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During the Great Depression, people went across the country in search of work. But without a job, they didn’t have money to pay for transportation. The only way to get across the country, and potentially get the job, was riding the rails. This is how the hobos of the Great Depression lived from day-to-day.

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The above image illustrates the panic and reality that men faced in trying to feed themselves on the road and their families at home.

Sometimes families traveled together and made-do with camping along creek banks for a water source. They carried what they had with them, and often children had an essential to carry along.

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They had to think about food all the time. Finding it was a daily task, and they all knew it. Hobos developed a series of symbols in order to “talk” to each other, leaving messages so other hobos would get information. Friendly farms where they could find work and food were marked, as were the unfriendly farms where they would find neither.

John’s aunt Jenny Belle, who I write about in Tales of a Cosmic Possum, ran a boarding house in Union, South Carolina. Because of her kindness and proximity to the railroad, sometimes hobos stopped at her home. She always made sure they left her house with something to eat, even if she couldn’t help them any other way. If any farmers needed help, she would share that information with them, too.

In a list of thousands of men and women who rode the rails are names of many who later became famous –

  • Novelists Louis L’Amour, Ernest Hemingway, Jack London, and James Michener
  • Actor Clark Gable
  • TV host Art Linkletter
  • Oil billionaire H. L. Hunt
  • Journalist Eric Sevareid
  • Supreme Court Justice William O. Douglas

Teens struck out on their own for an adventurous life riding from one place to another.

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Unbelievable, but true, many hoboes attended the 1889 National Hobo Convention in St. Louis. The group constructed a strict ethical code for all hobos to follow. This is a partial listing of those rules.

1. YOU DO YOU.

“Decide your own life, don’t let another person run or rule you.”

2. SHOW SOME RESPECT.

“When in town, always respect the local law and officials, and try to be a gentleman at all times.”

3. DON’T BE AN OPPORTUNIST.

“Don’t take advantage of someone who is in a vulnerable situation, locals or other hobos.”

4. GET A JOB.

“Always try to find work, even if temporary, and always seek out jobs nobody wants. By doing so you not only help a business along, but ensure employment should you return to that town again.”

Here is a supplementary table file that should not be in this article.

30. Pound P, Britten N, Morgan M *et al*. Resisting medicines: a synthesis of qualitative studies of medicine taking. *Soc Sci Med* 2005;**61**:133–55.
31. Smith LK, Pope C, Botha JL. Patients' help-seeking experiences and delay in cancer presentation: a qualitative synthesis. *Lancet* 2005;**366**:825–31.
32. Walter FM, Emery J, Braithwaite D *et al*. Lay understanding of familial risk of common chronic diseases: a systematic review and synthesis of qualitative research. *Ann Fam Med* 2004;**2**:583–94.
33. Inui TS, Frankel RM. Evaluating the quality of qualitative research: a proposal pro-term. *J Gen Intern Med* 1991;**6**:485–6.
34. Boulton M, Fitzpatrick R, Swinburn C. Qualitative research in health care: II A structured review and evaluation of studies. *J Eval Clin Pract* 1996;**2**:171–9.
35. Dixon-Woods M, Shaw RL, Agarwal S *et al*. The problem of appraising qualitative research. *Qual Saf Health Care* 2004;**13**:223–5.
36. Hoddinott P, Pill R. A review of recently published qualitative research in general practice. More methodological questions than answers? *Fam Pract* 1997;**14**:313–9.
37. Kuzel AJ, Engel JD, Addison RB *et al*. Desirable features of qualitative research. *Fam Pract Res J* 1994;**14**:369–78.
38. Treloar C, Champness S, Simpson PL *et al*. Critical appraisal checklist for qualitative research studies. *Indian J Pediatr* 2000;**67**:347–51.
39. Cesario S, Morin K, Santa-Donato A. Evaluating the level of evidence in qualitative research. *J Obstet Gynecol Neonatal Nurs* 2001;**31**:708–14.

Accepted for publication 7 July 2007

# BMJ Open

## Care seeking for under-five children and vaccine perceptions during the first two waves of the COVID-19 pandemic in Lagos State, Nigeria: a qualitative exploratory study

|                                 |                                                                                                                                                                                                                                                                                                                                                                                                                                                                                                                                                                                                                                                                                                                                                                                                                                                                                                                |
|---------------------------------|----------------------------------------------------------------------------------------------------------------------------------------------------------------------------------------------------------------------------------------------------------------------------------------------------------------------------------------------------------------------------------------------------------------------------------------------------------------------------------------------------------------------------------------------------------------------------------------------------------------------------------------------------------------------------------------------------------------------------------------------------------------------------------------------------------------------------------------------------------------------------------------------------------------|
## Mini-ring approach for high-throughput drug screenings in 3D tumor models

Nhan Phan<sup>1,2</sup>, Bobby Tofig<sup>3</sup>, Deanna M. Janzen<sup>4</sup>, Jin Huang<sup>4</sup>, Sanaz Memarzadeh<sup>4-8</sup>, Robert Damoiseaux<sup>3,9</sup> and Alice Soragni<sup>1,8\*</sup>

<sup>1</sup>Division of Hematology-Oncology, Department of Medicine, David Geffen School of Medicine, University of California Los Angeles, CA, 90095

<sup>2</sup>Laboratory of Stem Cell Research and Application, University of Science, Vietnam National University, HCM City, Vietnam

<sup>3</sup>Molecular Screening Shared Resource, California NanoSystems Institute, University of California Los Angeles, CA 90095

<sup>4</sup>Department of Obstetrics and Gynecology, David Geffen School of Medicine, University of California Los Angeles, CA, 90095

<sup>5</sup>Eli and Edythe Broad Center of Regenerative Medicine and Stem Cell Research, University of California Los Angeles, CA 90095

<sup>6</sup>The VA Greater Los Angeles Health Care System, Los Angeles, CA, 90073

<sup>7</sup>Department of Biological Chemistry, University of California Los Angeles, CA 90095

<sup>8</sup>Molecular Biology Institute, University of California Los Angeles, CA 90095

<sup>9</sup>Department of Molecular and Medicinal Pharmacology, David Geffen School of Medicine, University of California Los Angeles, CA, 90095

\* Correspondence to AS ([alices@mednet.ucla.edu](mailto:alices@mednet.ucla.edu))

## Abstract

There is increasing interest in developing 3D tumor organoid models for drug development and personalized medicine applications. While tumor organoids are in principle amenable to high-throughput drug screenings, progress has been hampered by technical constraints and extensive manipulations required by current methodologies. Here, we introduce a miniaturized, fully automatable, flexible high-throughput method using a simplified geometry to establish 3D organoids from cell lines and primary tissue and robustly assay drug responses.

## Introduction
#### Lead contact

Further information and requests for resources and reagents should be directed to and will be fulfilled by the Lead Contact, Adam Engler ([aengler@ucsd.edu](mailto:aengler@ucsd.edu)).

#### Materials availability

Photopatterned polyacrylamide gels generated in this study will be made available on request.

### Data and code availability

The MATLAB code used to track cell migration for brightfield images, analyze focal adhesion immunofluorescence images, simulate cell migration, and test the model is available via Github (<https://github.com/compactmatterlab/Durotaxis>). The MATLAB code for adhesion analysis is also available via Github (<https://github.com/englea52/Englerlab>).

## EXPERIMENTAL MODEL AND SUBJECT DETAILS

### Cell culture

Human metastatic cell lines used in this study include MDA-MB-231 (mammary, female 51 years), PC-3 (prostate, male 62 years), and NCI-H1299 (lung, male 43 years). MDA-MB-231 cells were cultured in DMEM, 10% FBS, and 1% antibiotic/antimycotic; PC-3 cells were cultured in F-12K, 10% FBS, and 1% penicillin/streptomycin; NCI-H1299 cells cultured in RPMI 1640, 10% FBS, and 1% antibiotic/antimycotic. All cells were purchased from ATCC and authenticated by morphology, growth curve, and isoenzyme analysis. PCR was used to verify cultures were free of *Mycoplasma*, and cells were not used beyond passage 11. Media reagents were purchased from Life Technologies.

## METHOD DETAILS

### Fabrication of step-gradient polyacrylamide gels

5. BE A SELF-STARTER.

“When no employment is available, make your own work by using your added talents at crafts.”

6. SET A GOOD EXAMPLE.

“Do not allow yourself to become a stupid drunk and set a bad example for locals’ treatment of other hobos.”

7. BE MINDFUL OF OTHERS.

“When jungling in town, respect handouts, do not wear them out, another hobo will be coming along who will need them as badly, if not worse than you.”

8. DON’T LITTER.

“Always respect nature, do not leave garbage where you are jungling.”

9. LEND A HAND.

“If in a community jungle, always pitch in and help.”

10. PRACTICE GOOD HYGIENE.

“Try to stay clean, and boil up wherever possible.”

11. BE COURTEOUS WHEN YOU’RE RIDING THE RAILS …

“When traveling, ride your train respectfully, take no personal chances, cause no problems with the operating crew or host railroad, act like an extra crew member.”

12. … AND WHEN YOU’RE NOT.

“Do not cause problems in a train yard, another hobo will be coming along who will need passage through that yard.”

13. HELP OUT THE KIDS.

“Help all runaway children, and try to induce them to return home.”

14. SAME GOES FOR HOBOS.

“Help your fellow hobos whenever and wherever needed, you may need their help someday.”

15. LEND YOUR VOICE.

“If present at a hobo court and you have testimony, give it. Whether for or against the accused, your voice counts!

The hobo culture was amazing. Starting after the Civil War as people were displaced and continuing on until after WW II, this way of life appealed to some men, but for others it was a necessary choice. Even the danger of jumping on and off those trains couldn’t stop them from that leap.

I enjoyed finding out about hobos and their lives, but I know it would not have been one I would have chosen. But then Lulu, my grandmother, used to say “sometimes you do what you have to do.”

“I grew up poor. I never had any money. I was a hobo, you know, ride the freights.” Art Linkletter